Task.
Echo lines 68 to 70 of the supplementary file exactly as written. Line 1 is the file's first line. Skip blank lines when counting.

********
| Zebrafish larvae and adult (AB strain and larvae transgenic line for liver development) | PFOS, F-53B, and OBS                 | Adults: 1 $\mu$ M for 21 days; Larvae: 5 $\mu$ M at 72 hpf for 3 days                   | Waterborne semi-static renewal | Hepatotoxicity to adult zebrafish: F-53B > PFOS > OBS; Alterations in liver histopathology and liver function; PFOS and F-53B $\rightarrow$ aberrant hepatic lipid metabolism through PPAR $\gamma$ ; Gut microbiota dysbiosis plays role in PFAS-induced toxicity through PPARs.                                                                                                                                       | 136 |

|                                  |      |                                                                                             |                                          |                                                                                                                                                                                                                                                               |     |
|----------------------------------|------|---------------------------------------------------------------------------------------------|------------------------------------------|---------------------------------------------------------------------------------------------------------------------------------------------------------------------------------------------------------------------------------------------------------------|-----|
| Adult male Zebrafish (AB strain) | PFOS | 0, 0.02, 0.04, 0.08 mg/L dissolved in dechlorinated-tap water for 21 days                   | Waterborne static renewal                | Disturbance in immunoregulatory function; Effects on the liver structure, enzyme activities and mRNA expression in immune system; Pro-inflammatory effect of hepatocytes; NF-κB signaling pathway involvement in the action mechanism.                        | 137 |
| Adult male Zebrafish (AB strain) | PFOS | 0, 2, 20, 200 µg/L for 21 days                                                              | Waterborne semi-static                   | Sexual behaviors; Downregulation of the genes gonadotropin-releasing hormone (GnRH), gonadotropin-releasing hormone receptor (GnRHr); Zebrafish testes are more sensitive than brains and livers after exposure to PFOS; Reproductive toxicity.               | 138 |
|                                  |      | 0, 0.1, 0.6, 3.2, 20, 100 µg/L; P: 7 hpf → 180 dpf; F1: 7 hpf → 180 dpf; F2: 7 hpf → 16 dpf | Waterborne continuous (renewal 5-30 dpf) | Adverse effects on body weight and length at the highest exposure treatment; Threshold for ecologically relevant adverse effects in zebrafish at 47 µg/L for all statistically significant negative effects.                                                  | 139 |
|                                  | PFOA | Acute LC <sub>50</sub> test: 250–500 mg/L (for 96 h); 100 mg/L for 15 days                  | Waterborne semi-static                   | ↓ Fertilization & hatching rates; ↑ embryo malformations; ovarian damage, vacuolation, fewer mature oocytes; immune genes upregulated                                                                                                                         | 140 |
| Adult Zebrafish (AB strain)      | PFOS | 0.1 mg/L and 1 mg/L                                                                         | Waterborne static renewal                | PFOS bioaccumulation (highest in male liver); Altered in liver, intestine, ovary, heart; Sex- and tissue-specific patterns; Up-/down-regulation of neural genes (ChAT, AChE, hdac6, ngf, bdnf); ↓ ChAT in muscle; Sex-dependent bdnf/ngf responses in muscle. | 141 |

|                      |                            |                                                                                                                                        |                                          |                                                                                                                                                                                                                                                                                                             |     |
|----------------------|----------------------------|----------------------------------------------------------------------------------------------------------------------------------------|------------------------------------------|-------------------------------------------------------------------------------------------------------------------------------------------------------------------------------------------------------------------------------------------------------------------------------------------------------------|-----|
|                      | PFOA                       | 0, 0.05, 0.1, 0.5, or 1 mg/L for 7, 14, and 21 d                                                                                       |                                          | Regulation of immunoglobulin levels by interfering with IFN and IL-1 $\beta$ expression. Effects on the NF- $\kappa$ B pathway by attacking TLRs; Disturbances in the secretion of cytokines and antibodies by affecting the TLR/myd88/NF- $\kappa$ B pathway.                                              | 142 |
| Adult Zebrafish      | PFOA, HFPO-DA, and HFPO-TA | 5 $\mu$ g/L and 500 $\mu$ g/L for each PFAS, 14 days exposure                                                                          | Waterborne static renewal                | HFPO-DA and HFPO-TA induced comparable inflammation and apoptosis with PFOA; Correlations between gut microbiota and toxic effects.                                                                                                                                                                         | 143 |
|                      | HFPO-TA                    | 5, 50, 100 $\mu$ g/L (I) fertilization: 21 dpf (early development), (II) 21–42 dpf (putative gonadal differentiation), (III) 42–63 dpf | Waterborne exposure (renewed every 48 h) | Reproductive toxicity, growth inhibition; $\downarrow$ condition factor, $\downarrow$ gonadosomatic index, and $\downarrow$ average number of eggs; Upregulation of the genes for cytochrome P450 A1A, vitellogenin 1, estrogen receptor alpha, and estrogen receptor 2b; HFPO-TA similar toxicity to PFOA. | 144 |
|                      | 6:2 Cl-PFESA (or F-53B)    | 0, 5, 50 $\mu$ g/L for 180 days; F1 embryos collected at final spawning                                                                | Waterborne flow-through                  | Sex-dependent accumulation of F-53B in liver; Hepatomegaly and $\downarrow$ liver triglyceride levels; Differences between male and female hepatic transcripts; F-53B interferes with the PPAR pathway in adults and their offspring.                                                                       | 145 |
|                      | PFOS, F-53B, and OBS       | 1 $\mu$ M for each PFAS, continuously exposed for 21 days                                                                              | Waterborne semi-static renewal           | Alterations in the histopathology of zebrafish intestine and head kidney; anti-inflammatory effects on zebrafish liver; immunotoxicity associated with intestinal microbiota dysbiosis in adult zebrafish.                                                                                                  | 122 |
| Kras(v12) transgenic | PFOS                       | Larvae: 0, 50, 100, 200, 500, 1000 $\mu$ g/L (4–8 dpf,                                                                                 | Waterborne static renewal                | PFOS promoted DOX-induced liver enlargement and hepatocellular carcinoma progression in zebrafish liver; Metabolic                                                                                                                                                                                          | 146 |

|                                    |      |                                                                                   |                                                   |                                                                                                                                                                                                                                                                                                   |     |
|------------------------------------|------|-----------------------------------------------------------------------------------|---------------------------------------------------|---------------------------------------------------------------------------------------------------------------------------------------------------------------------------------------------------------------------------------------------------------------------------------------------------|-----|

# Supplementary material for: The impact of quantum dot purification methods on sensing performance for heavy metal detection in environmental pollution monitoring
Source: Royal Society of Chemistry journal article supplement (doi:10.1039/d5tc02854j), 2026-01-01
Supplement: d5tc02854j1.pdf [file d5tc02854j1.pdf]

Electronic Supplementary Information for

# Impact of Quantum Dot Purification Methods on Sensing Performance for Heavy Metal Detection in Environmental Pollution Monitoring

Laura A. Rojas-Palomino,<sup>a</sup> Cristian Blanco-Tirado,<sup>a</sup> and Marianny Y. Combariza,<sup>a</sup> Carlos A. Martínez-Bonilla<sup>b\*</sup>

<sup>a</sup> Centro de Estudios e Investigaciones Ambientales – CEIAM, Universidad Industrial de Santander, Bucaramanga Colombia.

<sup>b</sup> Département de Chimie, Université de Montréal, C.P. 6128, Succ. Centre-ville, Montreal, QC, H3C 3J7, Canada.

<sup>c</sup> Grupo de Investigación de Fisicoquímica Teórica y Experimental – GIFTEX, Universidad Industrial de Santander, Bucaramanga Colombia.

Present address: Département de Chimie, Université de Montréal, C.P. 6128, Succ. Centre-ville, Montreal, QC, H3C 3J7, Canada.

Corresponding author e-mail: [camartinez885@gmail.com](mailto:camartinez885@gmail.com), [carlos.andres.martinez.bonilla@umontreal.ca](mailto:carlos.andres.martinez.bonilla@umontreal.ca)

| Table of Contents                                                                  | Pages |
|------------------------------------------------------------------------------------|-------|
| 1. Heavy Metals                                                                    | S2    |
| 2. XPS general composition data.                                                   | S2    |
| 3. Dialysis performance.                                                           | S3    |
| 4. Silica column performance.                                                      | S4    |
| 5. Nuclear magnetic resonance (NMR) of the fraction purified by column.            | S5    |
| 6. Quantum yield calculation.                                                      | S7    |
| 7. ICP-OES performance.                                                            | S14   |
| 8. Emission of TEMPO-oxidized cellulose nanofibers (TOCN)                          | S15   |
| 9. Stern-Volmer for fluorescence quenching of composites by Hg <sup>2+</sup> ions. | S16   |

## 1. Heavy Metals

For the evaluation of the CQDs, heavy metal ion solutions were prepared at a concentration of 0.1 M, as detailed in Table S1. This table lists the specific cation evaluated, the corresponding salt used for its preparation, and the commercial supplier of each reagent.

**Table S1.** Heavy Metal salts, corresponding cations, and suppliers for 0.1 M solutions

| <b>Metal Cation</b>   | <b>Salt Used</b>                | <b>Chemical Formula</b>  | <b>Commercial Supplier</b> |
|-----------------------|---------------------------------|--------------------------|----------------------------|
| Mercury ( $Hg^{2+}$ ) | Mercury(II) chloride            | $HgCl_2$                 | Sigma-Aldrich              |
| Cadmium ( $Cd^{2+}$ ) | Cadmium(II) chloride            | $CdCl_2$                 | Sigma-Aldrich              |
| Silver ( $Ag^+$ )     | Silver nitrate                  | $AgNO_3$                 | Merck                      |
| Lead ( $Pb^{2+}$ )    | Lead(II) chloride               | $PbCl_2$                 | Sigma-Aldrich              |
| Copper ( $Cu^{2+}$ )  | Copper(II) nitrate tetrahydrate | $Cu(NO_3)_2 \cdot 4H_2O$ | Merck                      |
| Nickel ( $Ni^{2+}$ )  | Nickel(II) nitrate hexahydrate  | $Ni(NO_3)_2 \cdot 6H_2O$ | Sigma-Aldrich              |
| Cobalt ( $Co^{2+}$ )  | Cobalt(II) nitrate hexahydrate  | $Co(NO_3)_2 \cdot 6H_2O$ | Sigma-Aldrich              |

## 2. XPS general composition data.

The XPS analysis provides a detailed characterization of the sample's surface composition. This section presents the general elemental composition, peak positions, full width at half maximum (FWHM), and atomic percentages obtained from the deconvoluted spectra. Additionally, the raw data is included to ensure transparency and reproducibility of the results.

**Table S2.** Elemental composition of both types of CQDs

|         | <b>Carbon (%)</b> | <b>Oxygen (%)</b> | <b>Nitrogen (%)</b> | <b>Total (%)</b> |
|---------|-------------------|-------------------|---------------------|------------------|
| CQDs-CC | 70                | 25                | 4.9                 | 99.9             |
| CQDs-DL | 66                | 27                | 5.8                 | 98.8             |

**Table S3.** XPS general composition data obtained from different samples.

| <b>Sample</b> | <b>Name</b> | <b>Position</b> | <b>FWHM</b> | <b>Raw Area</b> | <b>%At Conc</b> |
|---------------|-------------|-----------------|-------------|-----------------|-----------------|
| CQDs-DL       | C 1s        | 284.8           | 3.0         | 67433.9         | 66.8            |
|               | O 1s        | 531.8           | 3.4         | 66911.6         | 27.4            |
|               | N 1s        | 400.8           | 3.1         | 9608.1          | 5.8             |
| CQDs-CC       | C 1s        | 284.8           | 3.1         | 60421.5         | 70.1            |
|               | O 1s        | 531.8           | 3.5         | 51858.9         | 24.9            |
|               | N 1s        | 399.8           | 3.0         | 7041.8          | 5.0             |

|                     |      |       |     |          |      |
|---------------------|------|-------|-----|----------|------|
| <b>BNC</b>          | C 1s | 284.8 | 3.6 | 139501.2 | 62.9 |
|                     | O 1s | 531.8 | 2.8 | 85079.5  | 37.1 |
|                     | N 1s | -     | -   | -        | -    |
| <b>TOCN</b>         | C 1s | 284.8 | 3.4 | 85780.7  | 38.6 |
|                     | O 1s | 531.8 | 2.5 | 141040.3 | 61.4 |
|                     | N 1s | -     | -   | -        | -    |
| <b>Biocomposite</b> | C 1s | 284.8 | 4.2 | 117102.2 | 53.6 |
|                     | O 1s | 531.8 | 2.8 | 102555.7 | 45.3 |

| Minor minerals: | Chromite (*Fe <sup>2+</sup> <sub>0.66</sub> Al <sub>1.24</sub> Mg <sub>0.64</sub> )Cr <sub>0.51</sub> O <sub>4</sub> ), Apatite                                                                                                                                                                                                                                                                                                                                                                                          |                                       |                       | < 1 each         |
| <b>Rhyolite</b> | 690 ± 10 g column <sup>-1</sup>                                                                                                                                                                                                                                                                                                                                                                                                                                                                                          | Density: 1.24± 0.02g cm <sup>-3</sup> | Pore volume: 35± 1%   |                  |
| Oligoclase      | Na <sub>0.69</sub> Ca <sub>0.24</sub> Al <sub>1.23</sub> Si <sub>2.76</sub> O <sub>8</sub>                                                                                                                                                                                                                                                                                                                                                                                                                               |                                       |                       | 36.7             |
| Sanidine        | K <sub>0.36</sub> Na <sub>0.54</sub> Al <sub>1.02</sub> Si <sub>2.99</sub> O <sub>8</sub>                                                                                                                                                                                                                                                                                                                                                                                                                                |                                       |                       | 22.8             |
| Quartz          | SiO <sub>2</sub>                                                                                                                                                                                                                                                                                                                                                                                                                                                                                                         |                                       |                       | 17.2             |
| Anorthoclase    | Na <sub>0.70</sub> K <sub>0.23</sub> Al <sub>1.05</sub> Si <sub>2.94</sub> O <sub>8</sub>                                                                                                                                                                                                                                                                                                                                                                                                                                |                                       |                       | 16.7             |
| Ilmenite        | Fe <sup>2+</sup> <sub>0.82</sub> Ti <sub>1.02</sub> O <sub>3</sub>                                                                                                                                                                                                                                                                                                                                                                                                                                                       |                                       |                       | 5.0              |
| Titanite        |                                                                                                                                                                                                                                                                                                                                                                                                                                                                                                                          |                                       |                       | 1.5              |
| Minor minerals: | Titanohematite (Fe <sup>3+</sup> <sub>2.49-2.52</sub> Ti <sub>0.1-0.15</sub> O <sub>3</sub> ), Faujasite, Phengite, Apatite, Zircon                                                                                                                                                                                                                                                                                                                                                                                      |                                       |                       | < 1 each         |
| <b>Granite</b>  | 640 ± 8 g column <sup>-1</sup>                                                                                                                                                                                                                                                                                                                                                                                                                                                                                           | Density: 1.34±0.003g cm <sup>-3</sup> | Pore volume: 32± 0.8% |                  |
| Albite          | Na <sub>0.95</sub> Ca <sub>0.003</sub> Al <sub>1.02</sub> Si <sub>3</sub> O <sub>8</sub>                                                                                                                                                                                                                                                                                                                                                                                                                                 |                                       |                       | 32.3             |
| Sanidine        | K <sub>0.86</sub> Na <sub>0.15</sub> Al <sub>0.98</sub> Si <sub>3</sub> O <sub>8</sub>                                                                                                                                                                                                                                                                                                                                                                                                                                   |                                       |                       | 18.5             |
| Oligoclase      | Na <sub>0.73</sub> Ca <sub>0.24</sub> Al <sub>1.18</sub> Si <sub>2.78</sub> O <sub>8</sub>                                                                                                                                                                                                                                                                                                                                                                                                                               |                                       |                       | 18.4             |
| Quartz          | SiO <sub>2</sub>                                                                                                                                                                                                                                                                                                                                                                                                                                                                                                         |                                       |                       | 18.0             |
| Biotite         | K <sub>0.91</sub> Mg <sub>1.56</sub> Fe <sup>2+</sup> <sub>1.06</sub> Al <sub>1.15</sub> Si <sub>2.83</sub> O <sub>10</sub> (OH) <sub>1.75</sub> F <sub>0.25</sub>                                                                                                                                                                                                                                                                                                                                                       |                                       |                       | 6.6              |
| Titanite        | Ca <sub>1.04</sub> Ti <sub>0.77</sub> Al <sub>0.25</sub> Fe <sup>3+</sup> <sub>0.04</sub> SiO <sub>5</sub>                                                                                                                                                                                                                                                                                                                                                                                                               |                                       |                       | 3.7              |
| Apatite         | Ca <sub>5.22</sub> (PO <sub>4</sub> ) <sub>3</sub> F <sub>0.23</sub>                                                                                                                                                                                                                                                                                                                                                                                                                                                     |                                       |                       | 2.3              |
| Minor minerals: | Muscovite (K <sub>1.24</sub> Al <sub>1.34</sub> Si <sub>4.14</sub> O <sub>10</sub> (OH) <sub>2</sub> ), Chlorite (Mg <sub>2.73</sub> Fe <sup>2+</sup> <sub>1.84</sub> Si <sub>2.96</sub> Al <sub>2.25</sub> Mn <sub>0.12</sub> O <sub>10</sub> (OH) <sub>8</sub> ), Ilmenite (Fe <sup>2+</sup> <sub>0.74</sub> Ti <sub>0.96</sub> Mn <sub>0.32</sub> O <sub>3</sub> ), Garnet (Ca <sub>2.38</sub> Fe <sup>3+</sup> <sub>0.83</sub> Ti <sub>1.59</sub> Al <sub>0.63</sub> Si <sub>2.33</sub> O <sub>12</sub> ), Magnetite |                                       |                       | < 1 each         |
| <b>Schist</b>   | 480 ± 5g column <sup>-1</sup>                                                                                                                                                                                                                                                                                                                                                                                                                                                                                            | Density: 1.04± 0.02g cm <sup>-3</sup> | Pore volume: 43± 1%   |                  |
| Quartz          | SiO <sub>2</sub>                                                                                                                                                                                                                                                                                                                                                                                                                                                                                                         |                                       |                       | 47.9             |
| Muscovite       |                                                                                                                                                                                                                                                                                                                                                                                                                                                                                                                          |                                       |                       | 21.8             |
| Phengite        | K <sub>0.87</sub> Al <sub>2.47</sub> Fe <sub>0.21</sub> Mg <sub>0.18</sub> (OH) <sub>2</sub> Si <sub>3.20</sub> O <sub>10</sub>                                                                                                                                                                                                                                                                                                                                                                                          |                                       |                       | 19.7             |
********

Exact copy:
|               | N 1s        | 399.8           | 3.0         | 7041.8          | 5.0             |

|                     |      |       |     |          |      |
|---------------------|------|-------|-----|----------|------|